Helping Your Child Become A Committee Of One – Eating Healthy in a Junk-food World
One of the challenges children with celiac, food allergies or intolerances is that they must function confidently in a “Junk Food” environment. This confidence and independence is critical to their physical and emotional survival in an often-cruel peer environment, when teased or bullied. This means our children must develop a very independent self-sufficient mindset. I call this mind set a “Committee of One.” Kids look to their families to help them develop this mindset, especially from mom and dad. This mindset will extend to all parts of their lives, allowing them to withstand the hurting comments that sometimes come from peers, and have a strong and healthy perspective in the moment enabling them to deal with tough situations in a responsible manner.
In one of my Kids Kulinary Boot Kamps, I had a student who cooked some great dishes. At 12 years old, she prepared an entire meal for her family – not peanut butter sandwiches, but a spicy meatloaf with homemade BBQ sauce, sides and dessert. She obviously had all it takes to prepare meals. At the end of one of the classes, she proudly served samples of her excellent work to her mom, dad and sister. While serving the last plate she tripped and dropped a plate, and red Italian sauce went everywhere including the ceiling, and pieces of the plate shot in every direction. Sadly, she got embarrassed and the tears started to flow. She refused to eat.
This moment should have been a time of laughter because no one was hurt or went without food, and it was quite a humorous spectacle. But it wasn’t for her. I do not proclaim to know much about psychology, but I can truly relate to her emotions and experience, because (as my wife would tell you) I strive for perfection on the plate. When something is less than perfect, I won’t serve it, and I sometimes get frustrated when my effort didn’t produce the results I intended. This is in part a result of the way I was raised and trained. However, this perfectionist mindset can be detrimental in some situations, because it can steal the joy of the moment.
Instead of considering the reality of the situation at the moment, we look for approval and validation from others (especially chefs when it comes to their food). When the result is criticism rather than praise, it is hard to process and accept, especially for kids. Ask your Junior High or High School student how their peers often strike at each other when vulnerable; it may surprise you. Better yet, ask a teacher what he/she observed. It is our job as parents to teach our children to put things into perspective and consider the big picture when the moment is not pleasant.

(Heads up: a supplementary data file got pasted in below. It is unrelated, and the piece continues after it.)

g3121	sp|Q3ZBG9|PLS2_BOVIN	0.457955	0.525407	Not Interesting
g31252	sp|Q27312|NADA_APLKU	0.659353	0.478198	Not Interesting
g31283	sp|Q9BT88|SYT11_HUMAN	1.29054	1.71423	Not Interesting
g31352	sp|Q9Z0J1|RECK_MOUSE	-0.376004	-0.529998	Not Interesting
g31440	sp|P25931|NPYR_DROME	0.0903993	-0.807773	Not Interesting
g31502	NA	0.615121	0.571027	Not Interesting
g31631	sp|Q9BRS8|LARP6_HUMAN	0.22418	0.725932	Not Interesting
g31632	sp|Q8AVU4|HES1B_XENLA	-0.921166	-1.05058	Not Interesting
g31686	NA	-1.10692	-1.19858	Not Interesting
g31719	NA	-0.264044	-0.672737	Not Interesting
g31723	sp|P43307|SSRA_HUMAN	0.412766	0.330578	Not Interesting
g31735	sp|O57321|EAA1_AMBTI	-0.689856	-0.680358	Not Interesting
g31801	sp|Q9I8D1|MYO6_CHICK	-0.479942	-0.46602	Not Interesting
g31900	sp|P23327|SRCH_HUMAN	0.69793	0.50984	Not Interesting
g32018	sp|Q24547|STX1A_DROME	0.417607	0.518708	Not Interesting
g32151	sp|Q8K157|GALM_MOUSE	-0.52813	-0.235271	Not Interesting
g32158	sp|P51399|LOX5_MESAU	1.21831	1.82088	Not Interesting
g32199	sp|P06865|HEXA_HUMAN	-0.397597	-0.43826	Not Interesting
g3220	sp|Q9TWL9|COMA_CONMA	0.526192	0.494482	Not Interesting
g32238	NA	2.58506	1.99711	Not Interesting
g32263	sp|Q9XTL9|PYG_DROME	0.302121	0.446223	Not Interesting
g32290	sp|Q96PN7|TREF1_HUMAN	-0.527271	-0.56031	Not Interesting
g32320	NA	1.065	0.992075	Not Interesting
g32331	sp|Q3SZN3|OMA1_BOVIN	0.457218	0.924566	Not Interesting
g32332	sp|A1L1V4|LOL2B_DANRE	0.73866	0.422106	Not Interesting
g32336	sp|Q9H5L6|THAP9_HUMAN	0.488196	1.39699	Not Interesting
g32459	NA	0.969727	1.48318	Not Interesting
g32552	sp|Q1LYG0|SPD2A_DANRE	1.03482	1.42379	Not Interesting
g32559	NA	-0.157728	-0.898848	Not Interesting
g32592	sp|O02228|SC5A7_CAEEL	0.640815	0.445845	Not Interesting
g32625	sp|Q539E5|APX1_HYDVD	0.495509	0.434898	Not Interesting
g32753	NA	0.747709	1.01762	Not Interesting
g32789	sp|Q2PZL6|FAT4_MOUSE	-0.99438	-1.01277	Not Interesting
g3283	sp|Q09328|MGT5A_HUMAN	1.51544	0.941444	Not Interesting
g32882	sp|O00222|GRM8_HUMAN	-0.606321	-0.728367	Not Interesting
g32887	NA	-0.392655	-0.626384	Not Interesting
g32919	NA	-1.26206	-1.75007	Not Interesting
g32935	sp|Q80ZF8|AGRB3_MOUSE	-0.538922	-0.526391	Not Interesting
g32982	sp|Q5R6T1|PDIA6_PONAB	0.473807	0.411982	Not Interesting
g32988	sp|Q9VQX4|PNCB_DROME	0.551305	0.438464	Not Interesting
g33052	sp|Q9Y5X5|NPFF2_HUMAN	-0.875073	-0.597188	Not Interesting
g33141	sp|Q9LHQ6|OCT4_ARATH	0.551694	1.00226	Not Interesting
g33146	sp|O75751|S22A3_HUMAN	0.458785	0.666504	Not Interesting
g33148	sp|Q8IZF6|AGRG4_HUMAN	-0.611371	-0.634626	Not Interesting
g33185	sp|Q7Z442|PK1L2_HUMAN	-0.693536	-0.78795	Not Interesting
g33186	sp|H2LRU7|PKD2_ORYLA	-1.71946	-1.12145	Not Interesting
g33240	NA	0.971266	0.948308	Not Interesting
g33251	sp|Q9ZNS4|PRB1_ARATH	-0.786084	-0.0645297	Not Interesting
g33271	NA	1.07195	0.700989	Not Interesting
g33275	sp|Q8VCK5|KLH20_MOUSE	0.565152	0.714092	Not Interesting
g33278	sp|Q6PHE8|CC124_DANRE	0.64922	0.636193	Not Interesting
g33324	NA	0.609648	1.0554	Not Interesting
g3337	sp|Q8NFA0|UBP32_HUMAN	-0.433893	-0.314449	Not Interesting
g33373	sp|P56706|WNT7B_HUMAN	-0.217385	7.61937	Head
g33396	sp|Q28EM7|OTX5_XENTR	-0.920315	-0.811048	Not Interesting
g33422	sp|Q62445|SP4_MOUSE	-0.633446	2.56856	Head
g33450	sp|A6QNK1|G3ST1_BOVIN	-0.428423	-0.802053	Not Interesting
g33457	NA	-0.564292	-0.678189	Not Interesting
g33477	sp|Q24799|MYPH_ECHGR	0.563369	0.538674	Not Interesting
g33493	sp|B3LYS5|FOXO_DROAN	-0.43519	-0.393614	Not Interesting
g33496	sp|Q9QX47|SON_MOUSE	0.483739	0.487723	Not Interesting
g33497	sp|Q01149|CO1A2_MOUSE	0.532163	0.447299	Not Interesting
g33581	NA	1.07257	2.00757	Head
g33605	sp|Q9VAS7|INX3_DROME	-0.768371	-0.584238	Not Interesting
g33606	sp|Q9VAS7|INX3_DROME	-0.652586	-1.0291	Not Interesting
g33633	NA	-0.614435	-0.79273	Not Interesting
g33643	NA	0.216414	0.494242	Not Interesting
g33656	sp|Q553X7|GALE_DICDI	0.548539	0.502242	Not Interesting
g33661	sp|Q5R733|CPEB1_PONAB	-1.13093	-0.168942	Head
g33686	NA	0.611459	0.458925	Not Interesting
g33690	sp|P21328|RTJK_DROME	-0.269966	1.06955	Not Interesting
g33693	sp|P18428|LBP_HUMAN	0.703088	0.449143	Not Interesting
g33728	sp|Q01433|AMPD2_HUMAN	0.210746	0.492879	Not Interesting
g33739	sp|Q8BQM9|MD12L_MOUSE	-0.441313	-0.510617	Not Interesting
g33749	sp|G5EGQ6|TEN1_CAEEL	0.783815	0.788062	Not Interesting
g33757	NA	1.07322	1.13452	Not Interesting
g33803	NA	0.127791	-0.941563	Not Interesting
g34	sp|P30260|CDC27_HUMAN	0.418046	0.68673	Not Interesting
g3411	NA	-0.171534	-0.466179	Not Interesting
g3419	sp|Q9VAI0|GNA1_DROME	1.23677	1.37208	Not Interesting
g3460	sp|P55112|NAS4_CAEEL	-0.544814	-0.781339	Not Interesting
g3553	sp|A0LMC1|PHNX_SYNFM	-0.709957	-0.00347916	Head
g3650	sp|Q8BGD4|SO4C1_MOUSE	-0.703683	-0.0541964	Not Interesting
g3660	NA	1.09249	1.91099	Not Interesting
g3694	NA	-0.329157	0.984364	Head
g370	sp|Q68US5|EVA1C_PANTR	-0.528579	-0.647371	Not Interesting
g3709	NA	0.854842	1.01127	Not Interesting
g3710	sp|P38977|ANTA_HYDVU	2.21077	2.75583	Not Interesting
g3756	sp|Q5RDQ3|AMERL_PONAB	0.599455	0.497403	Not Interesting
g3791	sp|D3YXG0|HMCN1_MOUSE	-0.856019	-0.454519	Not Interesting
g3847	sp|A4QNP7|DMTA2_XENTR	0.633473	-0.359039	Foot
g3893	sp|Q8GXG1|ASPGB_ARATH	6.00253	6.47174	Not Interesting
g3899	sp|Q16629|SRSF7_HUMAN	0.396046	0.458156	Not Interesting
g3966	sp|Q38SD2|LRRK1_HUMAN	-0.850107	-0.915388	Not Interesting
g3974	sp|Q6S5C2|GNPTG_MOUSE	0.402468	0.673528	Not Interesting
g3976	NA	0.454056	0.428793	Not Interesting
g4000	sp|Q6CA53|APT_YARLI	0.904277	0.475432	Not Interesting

We have already determined getting your kids in the kitchen has so many positive benefits, however you must create an environment where the kids can blossom, not one of worrying about something going wrong or not turning out right. One of the things I do in the kids’ boot camp is tossing a raw egg to a student such that it is nearly impossible to catch. When the egg hits the floor, I am not looking at the egg. I am looking at the kids’ responses. Sometimes the kids laugh, while others are horrified and petrified. Once the shocked kids see me laugh, the change on their face is instantaneous; relief followed by joining in the laughter.
Teach your children that cooking, like so many other activities in life, is to be enjoyed and not taken too seriously. The joy of family and friends should always outshine any peer criticism they receive because they bring a brown bag lunch to school instead of ordering from the pizza bar. Teaching them to become a committee of one will allow them boast of their own braised chicken with a white wine sauce that they made instead of their friends eating pizza they don’t even know how to make.
Self-sufficiency and ability help develop confidence and independence. Get them cooking and challenge them to strive for excellence. When the bumps in the road cause their dessert to collapse, just grab a fork, dig in and laugh (WITH them).
Chef David Hall